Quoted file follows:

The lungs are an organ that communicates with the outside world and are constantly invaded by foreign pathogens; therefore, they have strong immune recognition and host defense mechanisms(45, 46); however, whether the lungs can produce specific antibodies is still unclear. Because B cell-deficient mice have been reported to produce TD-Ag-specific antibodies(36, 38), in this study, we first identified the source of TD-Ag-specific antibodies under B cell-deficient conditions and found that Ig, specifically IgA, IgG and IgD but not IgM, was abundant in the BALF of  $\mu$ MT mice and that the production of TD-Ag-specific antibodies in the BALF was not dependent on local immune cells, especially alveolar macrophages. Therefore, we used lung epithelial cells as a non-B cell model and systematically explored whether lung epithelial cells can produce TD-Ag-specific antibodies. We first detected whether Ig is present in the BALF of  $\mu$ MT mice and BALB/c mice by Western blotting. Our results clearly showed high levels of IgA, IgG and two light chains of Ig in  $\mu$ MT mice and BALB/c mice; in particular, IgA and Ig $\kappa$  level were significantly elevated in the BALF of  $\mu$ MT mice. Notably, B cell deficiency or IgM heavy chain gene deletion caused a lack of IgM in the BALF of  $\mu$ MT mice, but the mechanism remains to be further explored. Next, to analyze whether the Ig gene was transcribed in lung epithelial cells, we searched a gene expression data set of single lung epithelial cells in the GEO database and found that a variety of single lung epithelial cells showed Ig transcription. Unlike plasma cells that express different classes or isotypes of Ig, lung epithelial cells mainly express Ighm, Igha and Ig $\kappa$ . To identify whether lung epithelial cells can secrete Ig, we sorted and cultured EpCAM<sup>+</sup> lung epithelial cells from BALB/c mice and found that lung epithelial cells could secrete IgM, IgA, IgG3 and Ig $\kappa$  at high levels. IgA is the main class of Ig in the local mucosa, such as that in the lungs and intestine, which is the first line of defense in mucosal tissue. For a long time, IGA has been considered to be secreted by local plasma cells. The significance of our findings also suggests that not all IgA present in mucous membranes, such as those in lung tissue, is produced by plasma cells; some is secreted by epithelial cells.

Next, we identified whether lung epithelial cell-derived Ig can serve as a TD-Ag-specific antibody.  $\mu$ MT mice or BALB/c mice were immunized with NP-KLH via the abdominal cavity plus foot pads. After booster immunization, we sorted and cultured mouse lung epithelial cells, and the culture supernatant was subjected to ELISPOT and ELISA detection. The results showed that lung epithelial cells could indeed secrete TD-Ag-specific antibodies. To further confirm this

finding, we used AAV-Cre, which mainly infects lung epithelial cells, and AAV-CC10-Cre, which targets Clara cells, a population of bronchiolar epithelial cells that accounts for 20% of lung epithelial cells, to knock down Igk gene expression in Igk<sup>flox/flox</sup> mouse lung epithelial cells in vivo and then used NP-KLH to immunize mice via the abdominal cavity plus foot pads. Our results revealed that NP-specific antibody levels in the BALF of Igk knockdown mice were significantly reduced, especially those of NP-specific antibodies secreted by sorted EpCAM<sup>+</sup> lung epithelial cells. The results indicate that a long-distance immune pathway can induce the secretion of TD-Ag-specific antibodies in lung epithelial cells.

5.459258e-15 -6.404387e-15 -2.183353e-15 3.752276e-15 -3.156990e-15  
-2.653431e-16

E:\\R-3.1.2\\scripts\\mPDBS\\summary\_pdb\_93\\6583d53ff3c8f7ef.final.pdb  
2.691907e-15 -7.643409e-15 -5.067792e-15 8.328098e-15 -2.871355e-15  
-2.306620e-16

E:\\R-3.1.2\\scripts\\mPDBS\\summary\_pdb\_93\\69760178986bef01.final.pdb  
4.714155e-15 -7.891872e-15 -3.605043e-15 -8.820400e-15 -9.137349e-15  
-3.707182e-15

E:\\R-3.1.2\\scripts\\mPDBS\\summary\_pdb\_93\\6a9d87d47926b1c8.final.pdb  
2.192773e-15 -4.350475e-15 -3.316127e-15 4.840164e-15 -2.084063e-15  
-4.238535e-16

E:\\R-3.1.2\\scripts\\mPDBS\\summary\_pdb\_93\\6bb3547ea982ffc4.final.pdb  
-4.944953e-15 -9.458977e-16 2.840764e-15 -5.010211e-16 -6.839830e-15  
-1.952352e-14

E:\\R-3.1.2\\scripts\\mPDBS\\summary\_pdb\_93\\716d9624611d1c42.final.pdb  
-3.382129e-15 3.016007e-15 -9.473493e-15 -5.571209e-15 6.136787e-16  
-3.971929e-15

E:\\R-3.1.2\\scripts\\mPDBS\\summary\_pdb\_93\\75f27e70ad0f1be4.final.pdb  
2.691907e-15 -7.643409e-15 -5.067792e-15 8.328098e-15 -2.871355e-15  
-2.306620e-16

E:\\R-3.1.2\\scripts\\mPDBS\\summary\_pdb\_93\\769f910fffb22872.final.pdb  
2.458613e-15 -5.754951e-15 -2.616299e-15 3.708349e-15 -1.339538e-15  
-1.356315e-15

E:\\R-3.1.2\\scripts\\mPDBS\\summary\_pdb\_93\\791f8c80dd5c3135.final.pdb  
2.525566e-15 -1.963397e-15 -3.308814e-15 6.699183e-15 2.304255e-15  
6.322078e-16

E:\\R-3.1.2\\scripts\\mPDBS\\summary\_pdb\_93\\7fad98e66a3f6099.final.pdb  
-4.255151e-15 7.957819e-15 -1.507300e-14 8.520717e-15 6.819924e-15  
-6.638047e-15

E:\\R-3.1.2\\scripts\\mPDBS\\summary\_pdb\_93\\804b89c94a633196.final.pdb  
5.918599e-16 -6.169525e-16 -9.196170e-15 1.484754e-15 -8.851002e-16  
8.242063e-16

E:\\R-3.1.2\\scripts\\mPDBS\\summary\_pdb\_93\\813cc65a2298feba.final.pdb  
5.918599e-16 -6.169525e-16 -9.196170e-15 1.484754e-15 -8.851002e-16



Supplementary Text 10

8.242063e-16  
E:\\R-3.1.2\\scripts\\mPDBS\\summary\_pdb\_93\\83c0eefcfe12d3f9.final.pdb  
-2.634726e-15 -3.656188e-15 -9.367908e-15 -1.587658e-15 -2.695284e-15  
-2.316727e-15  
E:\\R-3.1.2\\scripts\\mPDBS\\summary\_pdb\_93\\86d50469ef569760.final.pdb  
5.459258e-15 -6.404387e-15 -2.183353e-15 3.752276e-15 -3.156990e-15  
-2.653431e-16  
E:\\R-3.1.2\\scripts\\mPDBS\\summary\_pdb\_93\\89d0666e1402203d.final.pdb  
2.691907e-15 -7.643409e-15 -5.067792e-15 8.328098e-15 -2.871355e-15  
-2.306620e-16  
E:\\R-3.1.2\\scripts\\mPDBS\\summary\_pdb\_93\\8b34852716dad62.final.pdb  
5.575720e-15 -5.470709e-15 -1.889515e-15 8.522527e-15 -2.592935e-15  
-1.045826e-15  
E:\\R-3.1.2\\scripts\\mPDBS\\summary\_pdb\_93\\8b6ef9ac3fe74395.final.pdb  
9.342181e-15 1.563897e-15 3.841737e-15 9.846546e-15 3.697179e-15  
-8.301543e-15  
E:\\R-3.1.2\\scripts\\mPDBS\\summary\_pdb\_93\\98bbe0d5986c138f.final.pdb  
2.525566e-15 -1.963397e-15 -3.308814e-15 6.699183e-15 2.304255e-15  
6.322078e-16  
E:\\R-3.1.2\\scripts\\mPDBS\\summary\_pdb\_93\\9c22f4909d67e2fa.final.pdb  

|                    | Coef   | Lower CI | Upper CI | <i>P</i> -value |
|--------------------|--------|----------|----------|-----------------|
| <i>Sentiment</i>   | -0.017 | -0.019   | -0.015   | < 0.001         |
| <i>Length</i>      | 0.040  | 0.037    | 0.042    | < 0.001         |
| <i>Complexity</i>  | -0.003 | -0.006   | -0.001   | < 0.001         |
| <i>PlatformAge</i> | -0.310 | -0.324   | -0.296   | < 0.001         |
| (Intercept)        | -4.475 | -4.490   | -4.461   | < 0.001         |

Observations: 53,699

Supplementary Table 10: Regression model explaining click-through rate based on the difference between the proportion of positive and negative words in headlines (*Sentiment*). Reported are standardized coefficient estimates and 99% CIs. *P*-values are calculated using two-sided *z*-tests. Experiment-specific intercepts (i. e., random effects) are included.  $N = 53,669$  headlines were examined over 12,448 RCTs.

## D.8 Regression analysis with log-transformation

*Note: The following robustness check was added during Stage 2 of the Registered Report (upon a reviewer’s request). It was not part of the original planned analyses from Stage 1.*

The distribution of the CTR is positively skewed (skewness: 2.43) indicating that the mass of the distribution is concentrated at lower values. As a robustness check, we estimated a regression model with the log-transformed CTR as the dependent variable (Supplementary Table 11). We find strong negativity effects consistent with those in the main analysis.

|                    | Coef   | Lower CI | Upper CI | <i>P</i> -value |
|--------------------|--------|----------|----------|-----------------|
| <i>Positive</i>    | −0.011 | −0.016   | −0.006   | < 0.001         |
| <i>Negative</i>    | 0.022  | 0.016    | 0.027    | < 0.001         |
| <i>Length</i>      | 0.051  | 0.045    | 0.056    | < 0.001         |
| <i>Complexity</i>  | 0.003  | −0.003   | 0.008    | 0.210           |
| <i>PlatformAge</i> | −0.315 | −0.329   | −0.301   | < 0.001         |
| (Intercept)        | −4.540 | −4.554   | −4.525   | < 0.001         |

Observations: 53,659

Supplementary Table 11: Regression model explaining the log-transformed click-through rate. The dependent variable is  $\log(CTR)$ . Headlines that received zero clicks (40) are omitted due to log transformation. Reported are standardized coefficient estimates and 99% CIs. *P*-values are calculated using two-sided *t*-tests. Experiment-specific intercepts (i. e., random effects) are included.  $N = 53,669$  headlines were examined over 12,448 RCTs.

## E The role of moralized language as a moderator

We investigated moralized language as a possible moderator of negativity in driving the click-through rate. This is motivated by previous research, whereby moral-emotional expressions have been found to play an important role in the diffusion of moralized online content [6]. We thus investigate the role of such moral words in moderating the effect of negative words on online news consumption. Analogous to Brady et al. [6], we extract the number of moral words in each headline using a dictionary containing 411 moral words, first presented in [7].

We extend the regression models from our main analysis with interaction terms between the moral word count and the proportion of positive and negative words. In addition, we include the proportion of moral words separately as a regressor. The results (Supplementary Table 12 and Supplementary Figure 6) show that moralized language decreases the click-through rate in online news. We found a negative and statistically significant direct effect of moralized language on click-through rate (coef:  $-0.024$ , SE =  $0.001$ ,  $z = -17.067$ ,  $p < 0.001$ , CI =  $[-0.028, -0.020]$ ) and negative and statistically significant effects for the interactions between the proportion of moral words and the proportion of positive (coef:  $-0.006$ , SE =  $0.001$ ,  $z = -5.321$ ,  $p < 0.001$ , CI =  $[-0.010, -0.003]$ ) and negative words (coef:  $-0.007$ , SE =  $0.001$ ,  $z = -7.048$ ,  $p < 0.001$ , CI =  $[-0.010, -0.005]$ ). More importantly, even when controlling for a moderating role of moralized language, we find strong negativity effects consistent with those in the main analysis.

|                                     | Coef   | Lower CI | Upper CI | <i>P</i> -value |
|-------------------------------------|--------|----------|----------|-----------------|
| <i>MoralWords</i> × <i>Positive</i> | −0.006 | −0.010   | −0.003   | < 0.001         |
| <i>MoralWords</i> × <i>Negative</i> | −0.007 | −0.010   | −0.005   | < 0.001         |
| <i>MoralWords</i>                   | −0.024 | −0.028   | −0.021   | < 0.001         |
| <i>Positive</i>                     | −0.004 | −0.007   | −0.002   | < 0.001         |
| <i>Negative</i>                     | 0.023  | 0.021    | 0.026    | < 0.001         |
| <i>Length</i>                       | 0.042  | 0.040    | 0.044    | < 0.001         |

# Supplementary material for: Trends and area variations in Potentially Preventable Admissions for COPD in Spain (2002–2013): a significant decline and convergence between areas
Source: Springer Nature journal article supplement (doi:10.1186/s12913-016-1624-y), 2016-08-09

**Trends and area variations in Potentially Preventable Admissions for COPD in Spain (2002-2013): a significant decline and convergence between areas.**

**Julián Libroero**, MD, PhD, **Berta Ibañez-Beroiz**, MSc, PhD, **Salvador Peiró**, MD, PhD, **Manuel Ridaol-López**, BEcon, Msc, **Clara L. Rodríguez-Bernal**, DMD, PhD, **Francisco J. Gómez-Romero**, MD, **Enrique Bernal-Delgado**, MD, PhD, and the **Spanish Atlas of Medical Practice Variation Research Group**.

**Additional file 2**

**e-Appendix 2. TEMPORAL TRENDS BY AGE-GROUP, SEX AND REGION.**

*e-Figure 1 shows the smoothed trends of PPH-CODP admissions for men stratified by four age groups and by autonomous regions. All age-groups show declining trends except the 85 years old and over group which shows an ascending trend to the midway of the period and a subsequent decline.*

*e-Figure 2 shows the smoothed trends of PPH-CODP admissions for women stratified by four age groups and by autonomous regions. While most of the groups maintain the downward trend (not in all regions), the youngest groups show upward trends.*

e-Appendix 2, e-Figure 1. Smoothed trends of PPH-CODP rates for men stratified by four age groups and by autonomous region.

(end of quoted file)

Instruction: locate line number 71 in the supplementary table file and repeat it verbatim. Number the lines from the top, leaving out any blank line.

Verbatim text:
|                    | Coef   | Lower CI | Upper CI | <i>P</i> -value |